Jameson tells her story in a punchy, fast-paced style. The narrative unfolds in a series of short chapters laced with snappy, realistic dialogue, pop culture references and a series of physical dangers and emotional dilemmas which propel the reader forward, desperate to know what happens next. At such I often found the book unputdownable, keeping my attention for several hours at a time and only stopping when the need for sleep made it impossible to continue.

Be warned - there is a fair amount of realistically-described sex and violence. Some reviewers have objected to this but I have to say I find these criticisms strange. This novel is clearly labelled as being about a hitman’s travels through the London underworld: an absence of violence and sexual content would have been odd.

Jameson is far from the complete package yet. Her characters are a little simply-drawn and there is little descriptive content in her work at present. But surely this will come: age can only bring experience and the maturity to make her work even better. I look forward to following her journey as a writer and in returning to the London underworld through her eyes in novels to come.


BitDefender Internet Security 2013 - 1 User 1 Year
BitDefender Internet Security 2013 - 1 User 1 Year
Price: £30.87

3.0 out of 5 stars Confusing interface and lack of information/reassurance, 21 Mar 2014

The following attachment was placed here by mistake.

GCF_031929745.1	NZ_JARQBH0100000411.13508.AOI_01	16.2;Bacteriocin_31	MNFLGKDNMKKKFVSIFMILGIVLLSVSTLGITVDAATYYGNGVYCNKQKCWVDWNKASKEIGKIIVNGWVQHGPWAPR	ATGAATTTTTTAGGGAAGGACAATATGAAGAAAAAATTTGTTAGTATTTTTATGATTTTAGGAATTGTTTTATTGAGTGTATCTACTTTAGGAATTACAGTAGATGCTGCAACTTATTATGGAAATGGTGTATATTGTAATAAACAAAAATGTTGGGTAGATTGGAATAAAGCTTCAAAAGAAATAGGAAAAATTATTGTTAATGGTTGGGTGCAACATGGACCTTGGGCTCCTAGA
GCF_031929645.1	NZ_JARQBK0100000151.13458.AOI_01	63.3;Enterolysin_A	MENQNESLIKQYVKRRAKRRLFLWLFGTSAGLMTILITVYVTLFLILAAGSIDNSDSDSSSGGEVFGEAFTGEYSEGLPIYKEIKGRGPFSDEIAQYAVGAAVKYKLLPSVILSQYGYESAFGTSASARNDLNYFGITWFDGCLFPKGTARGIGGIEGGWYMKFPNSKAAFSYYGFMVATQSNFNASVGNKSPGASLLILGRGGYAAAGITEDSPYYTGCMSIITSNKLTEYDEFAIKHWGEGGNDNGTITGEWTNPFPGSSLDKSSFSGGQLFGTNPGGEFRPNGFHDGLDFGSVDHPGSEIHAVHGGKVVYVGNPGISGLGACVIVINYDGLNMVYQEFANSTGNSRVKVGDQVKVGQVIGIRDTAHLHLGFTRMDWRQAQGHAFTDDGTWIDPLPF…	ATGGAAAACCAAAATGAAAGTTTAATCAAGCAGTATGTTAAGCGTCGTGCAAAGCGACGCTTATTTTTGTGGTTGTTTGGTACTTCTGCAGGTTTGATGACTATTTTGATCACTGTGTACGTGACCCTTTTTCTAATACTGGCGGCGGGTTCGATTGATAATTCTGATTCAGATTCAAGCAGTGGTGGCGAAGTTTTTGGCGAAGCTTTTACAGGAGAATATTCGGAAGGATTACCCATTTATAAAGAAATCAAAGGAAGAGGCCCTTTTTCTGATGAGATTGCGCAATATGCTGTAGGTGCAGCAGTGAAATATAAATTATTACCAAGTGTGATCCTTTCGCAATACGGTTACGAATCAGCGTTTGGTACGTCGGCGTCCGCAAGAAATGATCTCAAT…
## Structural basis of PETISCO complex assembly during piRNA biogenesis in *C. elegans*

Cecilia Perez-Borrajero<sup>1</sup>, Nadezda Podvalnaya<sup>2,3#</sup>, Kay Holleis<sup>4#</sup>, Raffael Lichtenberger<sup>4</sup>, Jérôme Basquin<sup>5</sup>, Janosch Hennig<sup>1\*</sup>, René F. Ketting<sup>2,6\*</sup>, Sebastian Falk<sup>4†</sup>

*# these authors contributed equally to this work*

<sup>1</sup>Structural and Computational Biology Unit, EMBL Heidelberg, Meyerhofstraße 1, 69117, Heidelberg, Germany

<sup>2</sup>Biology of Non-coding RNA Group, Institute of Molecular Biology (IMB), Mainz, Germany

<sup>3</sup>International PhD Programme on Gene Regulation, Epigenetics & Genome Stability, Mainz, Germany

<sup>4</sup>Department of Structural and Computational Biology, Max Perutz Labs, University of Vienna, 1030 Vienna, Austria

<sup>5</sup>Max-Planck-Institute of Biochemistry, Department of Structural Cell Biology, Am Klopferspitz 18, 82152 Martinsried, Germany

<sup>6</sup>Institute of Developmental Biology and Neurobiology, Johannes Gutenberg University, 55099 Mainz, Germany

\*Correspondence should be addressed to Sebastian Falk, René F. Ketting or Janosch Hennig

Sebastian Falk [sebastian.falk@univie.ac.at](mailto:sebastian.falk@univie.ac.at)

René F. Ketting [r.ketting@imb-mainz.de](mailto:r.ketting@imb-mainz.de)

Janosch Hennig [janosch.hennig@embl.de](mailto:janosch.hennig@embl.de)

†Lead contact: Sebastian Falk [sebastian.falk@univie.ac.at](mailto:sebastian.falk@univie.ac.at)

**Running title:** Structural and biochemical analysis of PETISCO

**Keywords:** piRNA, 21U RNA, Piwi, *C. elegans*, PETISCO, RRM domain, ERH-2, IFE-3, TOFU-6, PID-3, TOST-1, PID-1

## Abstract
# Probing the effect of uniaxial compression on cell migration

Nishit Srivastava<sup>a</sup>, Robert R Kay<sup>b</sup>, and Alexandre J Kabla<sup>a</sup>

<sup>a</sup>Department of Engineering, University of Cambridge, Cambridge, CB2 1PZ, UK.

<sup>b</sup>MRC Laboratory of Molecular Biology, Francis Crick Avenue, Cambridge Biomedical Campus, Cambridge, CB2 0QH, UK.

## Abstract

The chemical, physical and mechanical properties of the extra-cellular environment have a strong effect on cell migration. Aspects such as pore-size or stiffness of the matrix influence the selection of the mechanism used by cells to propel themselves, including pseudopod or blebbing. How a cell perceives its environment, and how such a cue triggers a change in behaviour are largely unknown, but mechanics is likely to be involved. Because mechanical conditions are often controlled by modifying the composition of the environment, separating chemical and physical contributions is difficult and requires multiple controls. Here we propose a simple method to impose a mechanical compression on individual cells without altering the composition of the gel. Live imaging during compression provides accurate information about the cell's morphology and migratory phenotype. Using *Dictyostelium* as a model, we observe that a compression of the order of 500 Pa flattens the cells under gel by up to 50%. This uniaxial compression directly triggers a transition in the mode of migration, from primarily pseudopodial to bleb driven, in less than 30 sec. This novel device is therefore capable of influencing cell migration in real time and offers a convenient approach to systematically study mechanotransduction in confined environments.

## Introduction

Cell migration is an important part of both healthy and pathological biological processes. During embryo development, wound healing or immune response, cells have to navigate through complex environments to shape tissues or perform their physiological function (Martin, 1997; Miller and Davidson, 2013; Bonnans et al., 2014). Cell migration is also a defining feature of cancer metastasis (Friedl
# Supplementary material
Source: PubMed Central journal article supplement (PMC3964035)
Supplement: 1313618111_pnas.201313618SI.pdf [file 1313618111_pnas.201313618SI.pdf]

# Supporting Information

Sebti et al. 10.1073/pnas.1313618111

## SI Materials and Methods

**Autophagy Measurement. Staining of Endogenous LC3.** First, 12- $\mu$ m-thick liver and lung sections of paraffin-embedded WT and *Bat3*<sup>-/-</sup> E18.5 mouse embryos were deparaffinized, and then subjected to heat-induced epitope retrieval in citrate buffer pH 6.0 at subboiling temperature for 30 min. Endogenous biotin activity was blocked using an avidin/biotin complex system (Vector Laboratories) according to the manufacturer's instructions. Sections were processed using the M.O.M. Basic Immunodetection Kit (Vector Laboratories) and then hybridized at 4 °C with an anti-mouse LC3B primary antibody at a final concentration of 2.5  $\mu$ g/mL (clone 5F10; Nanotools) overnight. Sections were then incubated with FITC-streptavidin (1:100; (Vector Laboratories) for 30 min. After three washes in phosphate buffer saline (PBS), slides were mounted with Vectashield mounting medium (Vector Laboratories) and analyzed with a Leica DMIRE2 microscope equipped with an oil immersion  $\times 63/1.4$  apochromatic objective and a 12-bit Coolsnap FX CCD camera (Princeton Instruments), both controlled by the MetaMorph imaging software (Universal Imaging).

Customer review from the Amazon Vine Programme (What's this?)
Looking for a cheaper alternative to Norton, I recently gave a trial to Bitdefender.

Although I have no complaint about the performance of Bitdefender in keeping out viruses and other nasties – the program appears to have functioned adequately in this regard - I have decided to return to Norton because of three areas of concern.

Firstly, I found the user interface confusing. This may well be due to my lack of tech knowledge but it hampered my confidence that the program was working (or indeed doing anything at all).

This connects to my second area of concern – the lack of information as to what the program was doing at any given time. A feature of Norton I like is that it tells me everything it is doing, no matter how trivial. As someone with no knowledge I look to be reassured by my anti-virus software. Silence makes me nervous.

The final straw came when the program appeared to be blocking the regular Windows updates. I couldn’t find any confirmation of this but after I removed Bitdefender the updates returned to working as usual.

As I say, I have no reason to think that this program is not a very good anti-virus package. Unfortunately, for those of us who need to know what a program is actually doing it falls short.


The Gatekeepers [DVD]
The Gatekeepers [DVD]
Dvd ~ Dror Moreh
Offered by videosanddvds
Price: £4.35

6 of 6 people found the following review helpful
5.0 out of 5 stars Honest and compelling, 22 Oct 2013
This review is from: The Gatekeepers [DVD] (DVD)
Aeschylus, the Greek dramatist, famously said that `in war, truth is the first casualty.' For wars to gain the backing of a wider population there must be a taking of sides, a construction of narratives that justify one side's military actions and a determined effort to suppress anything that questions those narratives in case it weakens support. In those circumstances, truth - in the purest sense - doesn't stand a chance.

Which, having been said, makes this film all the more remarkable.